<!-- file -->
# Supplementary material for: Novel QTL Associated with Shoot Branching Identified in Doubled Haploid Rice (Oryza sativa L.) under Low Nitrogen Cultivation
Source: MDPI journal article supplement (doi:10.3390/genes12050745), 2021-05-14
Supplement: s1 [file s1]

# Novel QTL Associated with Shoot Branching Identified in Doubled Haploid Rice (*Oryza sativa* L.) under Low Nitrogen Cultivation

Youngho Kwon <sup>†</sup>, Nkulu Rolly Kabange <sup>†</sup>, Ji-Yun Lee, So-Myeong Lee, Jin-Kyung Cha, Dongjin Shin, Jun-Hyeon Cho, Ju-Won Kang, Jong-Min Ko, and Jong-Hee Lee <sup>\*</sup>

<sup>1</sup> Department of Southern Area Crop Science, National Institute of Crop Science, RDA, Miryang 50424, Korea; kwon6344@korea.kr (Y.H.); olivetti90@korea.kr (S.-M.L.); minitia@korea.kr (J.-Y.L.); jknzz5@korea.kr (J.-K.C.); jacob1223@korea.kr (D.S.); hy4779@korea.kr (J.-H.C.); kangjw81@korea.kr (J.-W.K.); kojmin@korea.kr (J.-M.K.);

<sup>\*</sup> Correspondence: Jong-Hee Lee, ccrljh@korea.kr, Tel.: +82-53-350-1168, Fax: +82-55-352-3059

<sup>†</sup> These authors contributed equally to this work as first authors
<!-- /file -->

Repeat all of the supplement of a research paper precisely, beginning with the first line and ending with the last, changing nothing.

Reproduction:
# Supplementary material for: Novel QTL Associated with Shoot Branching Identified in Doubled Haploid Rice (Oryza sativa L.) under Low Nitrogen Cultivation
Source: MDPI journal article supplement (doi:10.3390/genes12050745), 2021-05-14
Supplement: s1 [file s1]

# Novel QTL Associated with Shoot Branching Identified in Doubled Haploid Rice (*Oryza sativa* L.) under Low Nitrogen Cultivation

Youngho Kwon <sup>†</sup>, Nkulu Rolly Kabange <sup>†</sup>, Ji-Yun Lee, So-Myeong Lee, Jin-Kyung Cha, Dongjin Shin, Jun-Hyeon Cho, Ju-Won Kang, Jong-Min Ko, and Jong-Hee Lee <sup>\*</sup>

<sup>1</sup> Department of Southern Area Crop Science, National Institute of Crop Science, RDA, Miryang 50424, Korea; kwon6344@korea.kr (Y.H.); olivetti90@korea.kr (S.-M.L.); minitia@korea.kr (J.-Y.L.); jknzz5@korea.kr (J.-K.C.); jacob1223@korea.kr (D.S.); hy4779@korea.kr (J.-H.C.); kangjw81@korea.kr (J.-W.K.); kojmin@korea.kr (J.-M.K.);

<sup>\*</sup> Correspondence: Jong-Hee Lee, ccrljh@korea.kr, Tel.: +82-53-350-1168, Fax: +82-55-352-3059

<sup>†</sup> These authors contributed equally to this work as first authors